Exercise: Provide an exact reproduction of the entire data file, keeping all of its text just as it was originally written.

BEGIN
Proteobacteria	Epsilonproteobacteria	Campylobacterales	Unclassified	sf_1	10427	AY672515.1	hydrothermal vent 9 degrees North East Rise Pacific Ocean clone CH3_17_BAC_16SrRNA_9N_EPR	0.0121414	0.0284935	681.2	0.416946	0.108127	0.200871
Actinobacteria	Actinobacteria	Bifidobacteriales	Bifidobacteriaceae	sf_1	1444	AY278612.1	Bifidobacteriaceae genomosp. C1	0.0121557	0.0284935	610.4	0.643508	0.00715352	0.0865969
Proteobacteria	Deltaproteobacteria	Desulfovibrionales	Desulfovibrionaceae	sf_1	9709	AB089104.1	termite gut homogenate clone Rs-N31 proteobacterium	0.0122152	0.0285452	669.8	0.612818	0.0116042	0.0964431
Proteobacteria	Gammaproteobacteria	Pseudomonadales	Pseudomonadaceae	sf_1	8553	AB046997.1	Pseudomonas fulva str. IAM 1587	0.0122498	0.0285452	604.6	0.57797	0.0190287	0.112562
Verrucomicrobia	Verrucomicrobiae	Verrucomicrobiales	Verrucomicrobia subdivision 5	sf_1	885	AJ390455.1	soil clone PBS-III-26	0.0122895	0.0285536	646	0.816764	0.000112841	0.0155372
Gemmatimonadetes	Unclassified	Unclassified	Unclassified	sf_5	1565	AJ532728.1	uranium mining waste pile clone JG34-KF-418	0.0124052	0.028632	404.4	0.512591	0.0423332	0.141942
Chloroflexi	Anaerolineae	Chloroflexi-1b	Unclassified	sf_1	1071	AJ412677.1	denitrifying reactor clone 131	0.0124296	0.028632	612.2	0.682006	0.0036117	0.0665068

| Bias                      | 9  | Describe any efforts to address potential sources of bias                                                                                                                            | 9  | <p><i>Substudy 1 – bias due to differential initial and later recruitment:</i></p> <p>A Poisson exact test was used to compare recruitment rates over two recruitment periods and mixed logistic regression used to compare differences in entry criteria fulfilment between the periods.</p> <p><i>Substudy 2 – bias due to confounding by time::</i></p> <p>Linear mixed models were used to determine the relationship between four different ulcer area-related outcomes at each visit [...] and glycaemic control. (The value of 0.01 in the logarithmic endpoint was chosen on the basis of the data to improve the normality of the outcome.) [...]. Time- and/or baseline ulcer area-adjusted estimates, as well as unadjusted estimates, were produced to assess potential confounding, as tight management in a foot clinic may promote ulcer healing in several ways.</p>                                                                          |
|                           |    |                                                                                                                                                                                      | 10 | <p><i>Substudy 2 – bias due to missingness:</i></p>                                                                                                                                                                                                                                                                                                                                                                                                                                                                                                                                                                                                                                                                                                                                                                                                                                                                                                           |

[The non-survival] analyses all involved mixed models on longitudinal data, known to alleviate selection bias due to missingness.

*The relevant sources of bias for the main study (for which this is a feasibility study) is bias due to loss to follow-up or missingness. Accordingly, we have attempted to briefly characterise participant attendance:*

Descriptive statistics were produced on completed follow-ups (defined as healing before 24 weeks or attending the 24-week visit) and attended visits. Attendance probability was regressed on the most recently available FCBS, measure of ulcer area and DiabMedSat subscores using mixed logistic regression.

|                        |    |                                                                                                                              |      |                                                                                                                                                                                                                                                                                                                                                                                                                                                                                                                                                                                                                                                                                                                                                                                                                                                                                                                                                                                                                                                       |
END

Proteobacteria	Epsilonproteobacteria	Campylobacterales	Unclassified	sf_1	10427	AY672515.1	hydrothermal vent 9 degrees North East Rise Pacific Ocean clone CH3_17_BAC_16SrRNA_9N_EPR	0.0121414	0.0284935	681.2	0.416946	0.108127	0.200871
Actinobacteria	Actinobacteria	Bifidobacteriales	Bifidobacteriaceae	sf_1	1444	AY278612.1	Bifidobacteriaceae genomosp. C1	0.0121557	0.0284935	610.4	0.643508	0.00715352	0.0865969
Proteobacteria	Deltaproteobacteria	Desulfovibrionales	Desulfovibrionaceae	sf_1	9709	AB089104.1	termite gut homogenate clone Rs-N31 proteobacterium	0.0122152	0.0285452	669.8	0.612818	0.0116042	0.0964431
Proteobacteria	Gammaproteobacteria	Pseudomonadales	Pseudomonadaceae	sf_1	8553	AB046997.1	Pseudomonas fulva str. IAM 1587	0.0122498	0.0285452	604.6	0.57797	0.0190287	0.112562
Verrucomicrobia	Verrucomicrobiae	Verrucomicrobiales	Verrucomicrobia subdivision 5	sf_1	885	AJ390455.1	soil clone PBS-III-26	0.0122895	0.0285536	646	0.816764	0.000112841	0.0155372
Gemmatimonadetes	Unclassified	Unclassified	Unclassified	sf_5	1565	AJ532728.1	uranium mining waste pile clone JG34-KF-418	0.0124052	0.028632	404.4	0.512591	0.0423332	0.141942
Chloroflexi	Anaerolineae	Chloroflexi-1b	Unclassified	sf_1	1071	AJ412677.1	denitrifying reactor clone 131	0.0124296	0.028632	612.2	0.682006	0.0036117	0.0665068

| Bias                      | 9  | Describe any efforts to address potential sources of bias                                                                                                                            | 9  | <p><i>Substudy 1 – bias due to differential initial and later recruitment:</i></p> <p>A Poisson exact test was used to compare recruitment rates over two recruitment periods and mixed logistic regression used to compare differences in entry criteria fulfilment between the periods.</p> <p><i>Substudy 2 – bias due to confounding by time::</i></p> <p>Linear mixed models were used to determine the relationship between four different ulcer area-related outcomes at each visit [...] and glycaemic control. (The value of 0.01 in the logarithmic endpoint was chosen on the basis of the data to improve the normality of the outcome.) [...]. Time- and/or baseline ulcer area-adjusted estimates, as well as unadjusted estimates, were produced to assess potential confounding, as tight management in a foot clinic may promote ulcer healing in several ways.</p>                                                                          |
|                           |    |                                                                                                                                                                                      | 10 | <p><i>Substudy 2 – bias due to missingness:</i></p>                                                                                                                                                                                                                                                                                                                                                                                                                                                                                                                                                                                                                                                                                                                                                                                                                                                                                                           |

[The non-survival] analyses all involved mixed models on longitudinal data, known to alleviate selection bias due to missingness.

*The relevant sources of bias for the main study (for which this is a feasibility study) is bias due to loss to follow-up or missingness. Accordingly, we have attempted to briefly characterise participant attendance:*

Descriptive statistics were produced on completed follow-ups (defined as healing before 24 weeks or attending the 24-week visit) and attended visits. Attendance probability was regressed on the most recently available FCBS, measure of ulcer area and DiabMedSat subscores using mixed logistic regression.

|                        |    |                                                                                                                              |      |                                                                                                                                                                                                                                                                                                                                                                                                                                                                                                                                                                                                                                                                                                                                                                                                                                                                                                                                                                                                                                                       |